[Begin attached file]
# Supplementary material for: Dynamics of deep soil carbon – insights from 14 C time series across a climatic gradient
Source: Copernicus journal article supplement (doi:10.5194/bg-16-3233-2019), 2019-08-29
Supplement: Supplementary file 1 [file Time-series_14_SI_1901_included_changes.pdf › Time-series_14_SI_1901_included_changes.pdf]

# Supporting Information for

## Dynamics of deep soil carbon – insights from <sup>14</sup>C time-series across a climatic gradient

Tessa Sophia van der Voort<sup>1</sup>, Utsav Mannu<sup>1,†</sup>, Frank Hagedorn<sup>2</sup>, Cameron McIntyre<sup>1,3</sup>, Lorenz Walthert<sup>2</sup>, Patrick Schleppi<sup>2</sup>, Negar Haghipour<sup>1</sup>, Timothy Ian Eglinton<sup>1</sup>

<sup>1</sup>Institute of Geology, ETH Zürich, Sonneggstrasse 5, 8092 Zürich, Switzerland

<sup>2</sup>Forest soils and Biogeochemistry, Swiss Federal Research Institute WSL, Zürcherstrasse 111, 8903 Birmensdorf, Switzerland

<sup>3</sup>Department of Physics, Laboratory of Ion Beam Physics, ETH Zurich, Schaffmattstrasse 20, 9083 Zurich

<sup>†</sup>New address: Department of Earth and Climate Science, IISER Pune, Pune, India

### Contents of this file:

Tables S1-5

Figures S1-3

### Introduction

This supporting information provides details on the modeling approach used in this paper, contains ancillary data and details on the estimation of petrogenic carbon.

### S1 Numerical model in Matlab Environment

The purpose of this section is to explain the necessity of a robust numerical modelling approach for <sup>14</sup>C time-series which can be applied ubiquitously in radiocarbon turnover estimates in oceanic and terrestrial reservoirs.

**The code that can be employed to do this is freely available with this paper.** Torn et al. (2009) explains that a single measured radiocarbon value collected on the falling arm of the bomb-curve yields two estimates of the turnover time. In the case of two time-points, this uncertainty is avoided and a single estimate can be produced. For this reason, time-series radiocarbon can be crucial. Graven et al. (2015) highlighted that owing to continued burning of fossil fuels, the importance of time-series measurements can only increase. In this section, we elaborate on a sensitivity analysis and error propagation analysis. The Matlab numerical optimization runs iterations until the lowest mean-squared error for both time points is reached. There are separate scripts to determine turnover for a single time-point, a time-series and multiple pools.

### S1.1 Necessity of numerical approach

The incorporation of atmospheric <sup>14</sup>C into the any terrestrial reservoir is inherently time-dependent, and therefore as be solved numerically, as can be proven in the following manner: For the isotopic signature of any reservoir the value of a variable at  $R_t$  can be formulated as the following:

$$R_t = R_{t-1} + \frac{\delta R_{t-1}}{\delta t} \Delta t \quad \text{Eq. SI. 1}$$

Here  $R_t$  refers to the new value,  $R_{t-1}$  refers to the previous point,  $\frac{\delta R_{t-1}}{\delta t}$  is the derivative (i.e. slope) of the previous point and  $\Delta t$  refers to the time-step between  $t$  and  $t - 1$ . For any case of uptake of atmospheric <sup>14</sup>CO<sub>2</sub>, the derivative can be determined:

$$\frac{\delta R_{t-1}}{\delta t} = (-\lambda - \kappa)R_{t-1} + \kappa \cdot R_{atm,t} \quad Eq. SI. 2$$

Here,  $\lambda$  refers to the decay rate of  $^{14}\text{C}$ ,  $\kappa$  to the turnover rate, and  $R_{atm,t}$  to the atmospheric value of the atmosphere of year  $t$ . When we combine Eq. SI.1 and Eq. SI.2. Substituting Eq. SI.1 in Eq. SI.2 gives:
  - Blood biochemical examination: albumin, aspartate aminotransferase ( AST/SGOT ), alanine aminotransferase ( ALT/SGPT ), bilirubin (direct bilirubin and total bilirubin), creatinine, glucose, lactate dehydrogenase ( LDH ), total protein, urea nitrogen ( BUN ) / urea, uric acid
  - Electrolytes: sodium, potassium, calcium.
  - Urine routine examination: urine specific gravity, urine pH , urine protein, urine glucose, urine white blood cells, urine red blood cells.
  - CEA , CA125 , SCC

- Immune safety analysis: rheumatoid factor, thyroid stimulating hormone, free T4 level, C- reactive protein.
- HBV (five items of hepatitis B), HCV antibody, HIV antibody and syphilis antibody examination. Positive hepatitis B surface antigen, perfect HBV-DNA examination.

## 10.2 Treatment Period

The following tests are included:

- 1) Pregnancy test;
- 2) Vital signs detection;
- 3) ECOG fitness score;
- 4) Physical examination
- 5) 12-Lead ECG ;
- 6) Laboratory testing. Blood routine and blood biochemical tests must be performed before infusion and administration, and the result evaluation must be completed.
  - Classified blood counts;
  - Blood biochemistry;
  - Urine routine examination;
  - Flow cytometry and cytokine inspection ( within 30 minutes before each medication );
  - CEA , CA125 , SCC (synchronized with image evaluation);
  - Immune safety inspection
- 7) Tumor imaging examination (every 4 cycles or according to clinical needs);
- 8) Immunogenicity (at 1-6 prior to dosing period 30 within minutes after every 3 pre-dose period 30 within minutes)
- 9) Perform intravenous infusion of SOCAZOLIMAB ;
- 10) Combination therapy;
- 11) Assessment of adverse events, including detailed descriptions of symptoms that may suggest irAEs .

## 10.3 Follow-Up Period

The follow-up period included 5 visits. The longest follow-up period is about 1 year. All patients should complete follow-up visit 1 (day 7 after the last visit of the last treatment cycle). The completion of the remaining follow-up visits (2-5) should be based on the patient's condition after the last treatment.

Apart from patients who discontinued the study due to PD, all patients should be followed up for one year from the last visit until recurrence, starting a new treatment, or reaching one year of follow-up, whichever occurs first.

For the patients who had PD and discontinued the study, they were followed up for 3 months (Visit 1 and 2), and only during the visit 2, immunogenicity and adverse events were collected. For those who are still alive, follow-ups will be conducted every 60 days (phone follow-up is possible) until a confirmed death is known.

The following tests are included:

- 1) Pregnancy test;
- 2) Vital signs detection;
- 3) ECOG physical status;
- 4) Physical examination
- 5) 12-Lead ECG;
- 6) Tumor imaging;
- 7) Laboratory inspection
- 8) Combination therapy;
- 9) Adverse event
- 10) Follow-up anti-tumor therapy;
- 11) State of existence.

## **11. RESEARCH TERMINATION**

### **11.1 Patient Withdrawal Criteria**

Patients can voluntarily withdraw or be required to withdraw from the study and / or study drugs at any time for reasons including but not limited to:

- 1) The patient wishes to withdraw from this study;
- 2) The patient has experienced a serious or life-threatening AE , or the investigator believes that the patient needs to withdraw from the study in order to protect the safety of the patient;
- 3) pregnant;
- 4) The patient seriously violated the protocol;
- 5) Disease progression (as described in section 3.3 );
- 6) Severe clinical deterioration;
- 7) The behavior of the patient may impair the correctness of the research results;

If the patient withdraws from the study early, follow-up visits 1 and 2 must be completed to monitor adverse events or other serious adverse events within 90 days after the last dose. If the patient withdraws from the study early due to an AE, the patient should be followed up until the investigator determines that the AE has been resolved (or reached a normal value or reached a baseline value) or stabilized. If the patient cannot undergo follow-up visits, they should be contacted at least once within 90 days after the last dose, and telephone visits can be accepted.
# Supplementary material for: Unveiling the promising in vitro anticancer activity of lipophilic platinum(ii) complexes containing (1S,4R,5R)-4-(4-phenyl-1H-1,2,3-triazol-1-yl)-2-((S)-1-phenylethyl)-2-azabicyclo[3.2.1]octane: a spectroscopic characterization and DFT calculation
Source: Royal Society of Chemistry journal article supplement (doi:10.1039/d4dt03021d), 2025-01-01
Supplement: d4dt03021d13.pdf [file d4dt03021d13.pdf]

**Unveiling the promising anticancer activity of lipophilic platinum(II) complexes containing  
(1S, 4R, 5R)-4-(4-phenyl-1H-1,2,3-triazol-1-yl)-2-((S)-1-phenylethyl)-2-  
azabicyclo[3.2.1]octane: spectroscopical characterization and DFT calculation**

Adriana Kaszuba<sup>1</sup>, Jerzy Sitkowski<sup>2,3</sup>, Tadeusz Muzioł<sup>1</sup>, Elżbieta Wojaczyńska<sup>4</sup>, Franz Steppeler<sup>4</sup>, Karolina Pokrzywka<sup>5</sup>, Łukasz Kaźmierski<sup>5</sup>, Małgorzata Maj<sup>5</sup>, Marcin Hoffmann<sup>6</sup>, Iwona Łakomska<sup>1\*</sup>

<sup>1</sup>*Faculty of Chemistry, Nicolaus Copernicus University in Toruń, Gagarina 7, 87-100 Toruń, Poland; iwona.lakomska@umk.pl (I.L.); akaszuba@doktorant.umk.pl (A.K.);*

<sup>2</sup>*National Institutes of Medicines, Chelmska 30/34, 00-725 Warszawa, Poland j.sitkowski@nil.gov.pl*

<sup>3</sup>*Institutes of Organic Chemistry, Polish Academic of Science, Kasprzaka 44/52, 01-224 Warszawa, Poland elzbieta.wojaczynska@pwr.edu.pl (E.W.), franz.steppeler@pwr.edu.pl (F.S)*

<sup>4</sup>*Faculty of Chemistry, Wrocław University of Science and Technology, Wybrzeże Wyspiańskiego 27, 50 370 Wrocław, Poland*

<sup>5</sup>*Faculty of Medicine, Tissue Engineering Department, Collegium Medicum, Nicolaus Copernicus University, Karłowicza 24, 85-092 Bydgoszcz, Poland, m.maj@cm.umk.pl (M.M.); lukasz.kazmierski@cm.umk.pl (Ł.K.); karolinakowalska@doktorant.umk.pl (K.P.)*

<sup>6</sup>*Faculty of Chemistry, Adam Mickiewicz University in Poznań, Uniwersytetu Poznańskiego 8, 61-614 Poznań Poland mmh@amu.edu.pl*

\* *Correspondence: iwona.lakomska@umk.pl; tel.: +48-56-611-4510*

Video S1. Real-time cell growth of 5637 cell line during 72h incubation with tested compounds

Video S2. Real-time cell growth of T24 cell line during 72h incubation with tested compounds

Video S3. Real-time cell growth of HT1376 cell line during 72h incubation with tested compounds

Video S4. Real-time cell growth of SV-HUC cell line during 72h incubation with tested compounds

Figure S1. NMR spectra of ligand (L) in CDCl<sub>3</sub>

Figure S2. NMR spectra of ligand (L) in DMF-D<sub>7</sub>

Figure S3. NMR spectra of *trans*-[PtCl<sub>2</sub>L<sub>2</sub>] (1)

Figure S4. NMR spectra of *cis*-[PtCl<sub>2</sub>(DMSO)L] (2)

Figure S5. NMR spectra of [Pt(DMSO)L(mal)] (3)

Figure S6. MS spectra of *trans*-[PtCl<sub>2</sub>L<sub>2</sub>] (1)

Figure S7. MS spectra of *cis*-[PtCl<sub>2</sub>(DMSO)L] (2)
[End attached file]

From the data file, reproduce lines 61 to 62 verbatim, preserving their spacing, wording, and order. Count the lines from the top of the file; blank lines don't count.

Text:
- 7) Laboratory inspection
- 8) Combination therapy;